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Tag archives: ultracold atoms

Photography prize, Tesla collision course, climate-change cross stitch

Image of a strontium atom in an ion trap

Pale blue dot: image of a strontium atom in an ion trap bags national photography prize (courtesy: David Nadlinger – University of Oxford)

By Michael Banks

An image of a single positively-charged strontium atom that is held in an ion trap by electric fields has won a national science photography competition organised by the UK’s Engineering and Physical Sciences Research Council.

Taken by PhD student David Nadlinger from the University of Oxford, the image shows the light emitted from the atom when it absorbs laser light tuned to a specific frequency. The picture was taken through a window of the ultra-high vacuum chamber that houses the ion trap.

“The idea of being able to see a single atom with the naked eye had struck me as a wonderfully direct and visceral bridge between the minuscule quantum world and our macroscopic reality,” says Nadlinger. “When I set off to the lab with camera and tripods one quiet Sunday afternoon, I was rewarded with this particular picture of a small, pale blue dot.”

Moving onto space, the successful launch of SpaceX‘s Falcon Heavy rocket last week resulted in a Tesla Roadster (formally owned by SpaceX boss Elon Musk) in orbit around the Sun. Used only as a test mass, the car featured a spacesuit-clad mannequin called “Starman” in the driver’s seat.


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The landscapes of CERN, 20 years of BECs and the truth about toilet swirl


By Hamish Johnston

Everyone knows that water in a draining sink or toilet swirls in opposite directions on opposite sides of the equator…or does it? For the answer, watch the instructions in the above video and then go to “The truth about toilet swirl”.

Physicists at CERN are a lucky bunch. As well as having the world’s most energetic collider at their disposal, they are also surrounded by the natural beauty of the Alps and the Jura mountains. However, I’ve always felt that the CERN site itself and the flat farmland that overlays the Large Hadron Collider (LHC) are rather dull.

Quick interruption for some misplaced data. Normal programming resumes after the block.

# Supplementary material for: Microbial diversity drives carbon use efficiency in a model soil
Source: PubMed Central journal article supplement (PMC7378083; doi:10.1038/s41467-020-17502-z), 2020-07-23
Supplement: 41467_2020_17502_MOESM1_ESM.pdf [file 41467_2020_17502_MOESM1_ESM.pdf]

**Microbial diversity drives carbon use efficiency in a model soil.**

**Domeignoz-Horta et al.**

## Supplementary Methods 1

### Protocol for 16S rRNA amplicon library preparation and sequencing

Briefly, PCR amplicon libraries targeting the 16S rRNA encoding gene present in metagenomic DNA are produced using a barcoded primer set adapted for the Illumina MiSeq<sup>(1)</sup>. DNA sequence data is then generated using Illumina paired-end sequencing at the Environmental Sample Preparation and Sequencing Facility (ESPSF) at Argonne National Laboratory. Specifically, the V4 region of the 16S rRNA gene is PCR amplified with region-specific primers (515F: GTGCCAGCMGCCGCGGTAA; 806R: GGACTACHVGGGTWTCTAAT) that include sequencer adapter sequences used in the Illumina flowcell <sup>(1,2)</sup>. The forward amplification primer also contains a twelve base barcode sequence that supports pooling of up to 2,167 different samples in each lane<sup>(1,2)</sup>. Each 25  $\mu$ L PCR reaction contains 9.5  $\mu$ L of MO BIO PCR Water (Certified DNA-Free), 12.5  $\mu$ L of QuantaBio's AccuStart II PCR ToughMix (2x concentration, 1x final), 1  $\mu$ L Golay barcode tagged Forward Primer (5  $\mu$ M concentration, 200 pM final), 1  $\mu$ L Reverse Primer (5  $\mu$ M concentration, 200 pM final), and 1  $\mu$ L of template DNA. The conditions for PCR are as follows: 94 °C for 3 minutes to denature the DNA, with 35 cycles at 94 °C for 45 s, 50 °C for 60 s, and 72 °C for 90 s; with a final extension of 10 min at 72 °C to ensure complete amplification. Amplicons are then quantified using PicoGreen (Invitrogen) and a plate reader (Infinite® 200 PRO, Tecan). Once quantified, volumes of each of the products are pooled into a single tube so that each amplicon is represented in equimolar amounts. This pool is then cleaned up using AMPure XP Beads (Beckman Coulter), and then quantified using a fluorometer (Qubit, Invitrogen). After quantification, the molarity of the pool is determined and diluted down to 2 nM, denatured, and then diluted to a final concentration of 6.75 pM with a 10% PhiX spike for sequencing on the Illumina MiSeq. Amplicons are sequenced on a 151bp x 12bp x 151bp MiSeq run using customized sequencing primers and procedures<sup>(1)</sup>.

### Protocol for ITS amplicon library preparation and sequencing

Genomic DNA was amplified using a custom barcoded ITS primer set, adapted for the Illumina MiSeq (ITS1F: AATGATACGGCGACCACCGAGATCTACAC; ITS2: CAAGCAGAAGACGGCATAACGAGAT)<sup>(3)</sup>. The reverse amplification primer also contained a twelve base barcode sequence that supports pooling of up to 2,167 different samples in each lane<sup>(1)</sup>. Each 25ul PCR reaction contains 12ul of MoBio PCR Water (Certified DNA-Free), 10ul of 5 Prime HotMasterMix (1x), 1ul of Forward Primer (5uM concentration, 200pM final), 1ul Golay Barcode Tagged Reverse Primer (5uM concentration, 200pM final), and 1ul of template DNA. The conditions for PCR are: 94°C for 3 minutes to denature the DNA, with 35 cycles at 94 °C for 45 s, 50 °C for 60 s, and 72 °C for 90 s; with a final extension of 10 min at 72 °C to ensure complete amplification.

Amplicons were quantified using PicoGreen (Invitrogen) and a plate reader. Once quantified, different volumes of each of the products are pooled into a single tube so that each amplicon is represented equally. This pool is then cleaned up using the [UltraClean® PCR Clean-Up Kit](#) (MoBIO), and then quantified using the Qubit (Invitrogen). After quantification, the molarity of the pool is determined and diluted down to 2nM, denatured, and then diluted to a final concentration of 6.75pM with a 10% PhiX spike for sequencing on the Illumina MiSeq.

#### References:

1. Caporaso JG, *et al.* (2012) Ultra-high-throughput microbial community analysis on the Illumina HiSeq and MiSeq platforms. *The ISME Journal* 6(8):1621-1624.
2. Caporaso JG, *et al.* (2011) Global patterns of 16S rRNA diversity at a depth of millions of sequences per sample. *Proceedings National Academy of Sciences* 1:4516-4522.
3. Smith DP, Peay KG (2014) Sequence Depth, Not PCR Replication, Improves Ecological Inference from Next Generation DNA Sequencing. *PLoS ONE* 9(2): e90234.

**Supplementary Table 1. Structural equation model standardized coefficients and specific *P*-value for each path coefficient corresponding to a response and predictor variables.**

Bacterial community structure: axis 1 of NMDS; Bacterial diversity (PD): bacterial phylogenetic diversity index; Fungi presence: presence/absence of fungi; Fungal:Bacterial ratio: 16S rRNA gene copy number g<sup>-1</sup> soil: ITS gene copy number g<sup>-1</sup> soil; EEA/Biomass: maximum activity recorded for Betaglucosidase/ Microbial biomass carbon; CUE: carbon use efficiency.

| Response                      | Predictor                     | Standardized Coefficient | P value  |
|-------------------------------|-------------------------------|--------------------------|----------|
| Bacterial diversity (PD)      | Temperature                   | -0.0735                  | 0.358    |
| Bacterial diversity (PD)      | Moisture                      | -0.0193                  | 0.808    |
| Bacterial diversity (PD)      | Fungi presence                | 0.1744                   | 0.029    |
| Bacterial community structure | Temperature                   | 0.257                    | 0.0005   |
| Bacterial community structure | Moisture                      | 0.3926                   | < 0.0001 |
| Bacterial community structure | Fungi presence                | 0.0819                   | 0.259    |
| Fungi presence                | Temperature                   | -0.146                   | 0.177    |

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Where is the coldest experiment on Earth?

Image of a refocused cloud of rubidium atoms

Chilly peak: a refocused cloud of rubidium atoms. (Courtesy: Tim Kovachy et al./Physical Review Letters)

By Hamish Johnston

California might be suffering a punishing drought, but a tiny corner of the Golden State is now the coldest place on Earth. This tiny super-cold patch was created at Stanford University by Mark Kasevich and colleagues, who have used “matter-wave lensing” to cool a cloud of about 100,000 rubidium atoms to less than 50 pK. That is just 50 × 10–12 degrees kelvin above absolute zero.

The temperature of a cloud of atoms is defined by the average velocity of the atoms as they drift about. Kasevich’s team used a series of lenses to reduce this average motion to less than 70 µm/s, which corresponds to 50 pK. This shatters the previous record of 1 nK for matter-wave lensing and represents “record-low kinetic temperatures” according to Physical Review Letters, where the research is described.


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Celebrating Louis Essen and the birth of atomic time

Peter Knight (left) and John Dudley unveiling the historical plaque

Peter Knight (left) and John Dudley unveiling the historic plaque.

By Hamish Johnston

On Friday I braved the torrential rains that have been soaking southern England to make the journey from Bristol to Teddington, which is the birthplace of the atomic clock. Situated in the leafy suburbs west of London on the swollen banks of the River Thames, Teddington is the home of the National Physical Laboratory (NPL), which is the UK’s standards and metrology lab.


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